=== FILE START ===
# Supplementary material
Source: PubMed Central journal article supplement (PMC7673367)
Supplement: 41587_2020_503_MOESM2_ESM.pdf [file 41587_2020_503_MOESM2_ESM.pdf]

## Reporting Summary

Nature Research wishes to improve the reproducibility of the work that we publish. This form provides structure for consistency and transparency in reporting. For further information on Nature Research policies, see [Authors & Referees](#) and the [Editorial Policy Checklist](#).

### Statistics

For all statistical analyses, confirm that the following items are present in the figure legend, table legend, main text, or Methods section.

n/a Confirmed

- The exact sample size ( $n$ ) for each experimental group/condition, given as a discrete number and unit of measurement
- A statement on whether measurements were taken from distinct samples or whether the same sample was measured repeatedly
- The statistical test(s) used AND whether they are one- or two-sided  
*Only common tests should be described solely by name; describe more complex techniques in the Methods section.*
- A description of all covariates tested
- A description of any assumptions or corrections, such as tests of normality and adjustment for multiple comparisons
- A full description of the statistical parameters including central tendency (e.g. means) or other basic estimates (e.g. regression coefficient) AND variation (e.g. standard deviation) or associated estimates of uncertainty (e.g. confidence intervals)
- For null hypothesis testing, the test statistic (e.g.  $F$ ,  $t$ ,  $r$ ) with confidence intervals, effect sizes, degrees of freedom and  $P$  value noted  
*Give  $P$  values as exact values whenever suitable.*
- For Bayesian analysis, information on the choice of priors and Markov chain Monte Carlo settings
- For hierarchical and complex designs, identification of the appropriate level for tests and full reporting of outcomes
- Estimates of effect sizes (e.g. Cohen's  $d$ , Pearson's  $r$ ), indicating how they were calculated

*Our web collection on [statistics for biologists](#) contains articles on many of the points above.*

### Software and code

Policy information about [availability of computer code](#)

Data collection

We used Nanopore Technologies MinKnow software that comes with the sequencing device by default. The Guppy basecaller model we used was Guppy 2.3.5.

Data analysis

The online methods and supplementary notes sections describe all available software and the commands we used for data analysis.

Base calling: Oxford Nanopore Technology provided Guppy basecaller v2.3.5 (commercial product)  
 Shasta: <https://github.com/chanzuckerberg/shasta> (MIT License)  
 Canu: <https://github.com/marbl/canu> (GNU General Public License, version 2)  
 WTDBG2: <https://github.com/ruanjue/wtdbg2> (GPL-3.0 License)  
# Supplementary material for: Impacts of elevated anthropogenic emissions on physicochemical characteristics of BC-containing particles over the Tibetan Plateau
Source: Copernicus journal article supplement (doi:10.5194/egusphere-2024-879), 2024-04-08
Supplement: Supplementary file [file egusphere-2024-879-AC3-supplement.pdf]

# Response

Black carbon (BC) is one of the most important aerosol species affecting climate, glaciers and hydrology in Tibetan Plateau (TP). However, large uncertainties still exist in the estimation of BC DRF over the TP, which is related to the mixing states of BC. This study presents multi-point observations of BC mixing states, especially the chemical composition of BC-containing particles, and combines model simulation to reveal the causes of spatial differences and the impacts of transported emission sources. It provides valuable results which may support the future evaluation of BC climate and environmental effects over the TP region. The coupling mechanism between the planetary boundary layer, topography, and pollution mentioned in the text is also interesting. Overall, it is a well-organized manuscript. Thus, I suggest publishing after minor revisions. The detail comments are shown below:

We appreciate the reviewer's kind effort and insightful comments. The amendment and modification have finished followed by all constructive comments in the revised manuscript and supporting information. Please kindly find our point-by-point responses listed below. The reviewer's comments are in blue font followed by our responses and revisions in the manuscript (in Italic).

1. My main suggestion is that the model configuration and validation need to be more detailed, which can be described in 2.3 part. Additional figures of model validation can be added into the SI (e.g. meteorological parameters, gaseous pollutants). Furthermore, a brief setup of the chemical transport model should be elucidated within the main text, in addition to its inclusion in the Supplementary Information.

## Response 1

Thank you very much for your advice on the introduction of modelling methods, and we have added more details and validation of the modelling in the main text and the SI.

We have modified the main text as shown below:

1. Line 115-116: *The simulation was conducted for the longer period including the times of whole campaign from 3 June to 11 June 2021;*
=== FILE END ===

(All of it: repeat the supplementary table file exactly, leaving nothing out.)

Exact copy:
# Supplementary material
Source: PubMed Central journal article supplement (PMC7673367)
Supplement: 41587_2020_503_MOESM2_ESM.pdf [file 41587_2020_503_MOESM2_ESM.pdf]

## Reporting Summary

Nature Research wishes to improve the reproducibility of the work that we publish. This form provides structure for consistency and transparency in reporting. For further information on Nature Research policies, see [Authors & Referees](#) and the [Editorial Policy Checklist](#).

### Statistics

For all statistical analyses, confirm that the following items are present in the figure legend, table legend, main text, or Methods section.

n/a Confirmed

- The exact sample size ( $n$ ) for each experimental group/condition, given as a discrete number and unit of measurement
- A statement on whether measurements were taken from distinct samples or whether the same sample was measured repeatedly
- The statistical test(s) used AND whether they are one- or two-sided  
*Only common tests should be described solely by name; describe more complex techniques in the Methods section.*
- A description of all covariates tested
- A description of any assumptions or corrections, such as tests of normality and adjustment for multiple comparisons
- A full description of the statistical parameters including central tendency (e.g. means) or other basic estimates (e.g. regression coefficient) AND variation (e.g. standard deviation) or associated estimates of uncertainty (e.g. confidence intervals)
- For null hypothesis testing, the test statistic (e.g.  $F$ ,  $t$ ,  $r$ ) with confidence intervals, effect sizes, degrees of freedom and  $P$  value noted  
*Give  $P$  values as exact values whenever suitable.*
- For Bayesian analysis, information on the choice of priors and Markov chain Monte Carlo settings
- For hierarchical and complex designs, identification of the appropriate level for tests and full reporting of outcomes
- Estimates of effect sizes (e.g. Cohen's  $d$ , Pearson's  $r$ ), indicating how they were calculated

*Our web collection on [statistics for biologists](#) contains articles on many of the points above.*

### Software and code

Policy information about [availability of computer code](#)

Data collection

We used Nanopore Technologies MinKnow software that comes with the sequencing device by default. The Guppy basecaller model we used was Guppy 2.3.5.

Data analysis

The online methods and supplementary notes sections describe all available software and the commands we used for data analysis.

Base calling: Oxford Nanopore Technology provided Guppy basecaller v2.3.5 (commercial product)  
 Shasta: <https://github.com/chanzuckerberg/shasta> (MIT License)  
 Canu: <https://github.com/marbl/canu> (GNU General Public License, version 2)  
 WTDBG2: <https://github.com/ruanjue/wtdbg2> (GPL-3.0 License)  
# Supplementary material for: Impacts of elevated anthropogenic emissions on physicochemical characteristics of BC-containing particles over the Tibetan Plateau
Source: Copernicus journal article supplement (doi:10.5194/egusphere-2024-879), 2024-04-08
Supplement: Supplementary file [file egusphere-2024-879-AC3-supplement.pdf]

# Response

Black carbon (BC) is one of the most important aerosol species affecting climate, glaciers and hydrology in Tibetan Plateau (TP). However, large uncertainties still exist in the estimation of BC DRF over the TP, which is related to the mixing states of BC. This study presents multi-point observations of BC mixing states, especially the chemical composition of BC-containing particles, and combines model simulation to reveal the causes of spatial differences and the impacts of transported emission sources. It provides valuable results which may support the future evaluation of BC climate and environmental effects over the TP region. The coupling mechanism between the planetary boundary layer, topography, and pollution mentioned in the text is also interesting. Overall, it is a well-organized manuscript. Thus, I suggest publishing after minor revisions. The detail comments are shown below:

We appreciate the reviewer's kind effort and insightful comments. The amendment and modification have finished followed by all constructive comments in the revised manuscript and supporting information. Please kindly find our point-by-point responses listed below. The reviewer's comments are in blue font followed by our responses and revisions in the manuscript (in Italic).

1. My main suggestion is that the model configuration and validation need to be more detailed, which can be described in 2.3 part. Additional figures of model validation can be added into the SI (e.g. meteorological parameters, gaseous pollutants). Furthermore, a brief setup of the chemical transport model should be elucidated within the main text, in addition to its inclusion in the Supplementary Information.

## Response 1

Thank you very much for your advice on the introduction of modelling methods, and we have added more details and validation of the modelling in the main text and the SI.

We have modified the main text as shown below:

1. Line 115-116: *The simulation was conducted for the longer period including the times of whole campaign from 3 June to 11 June 2021;*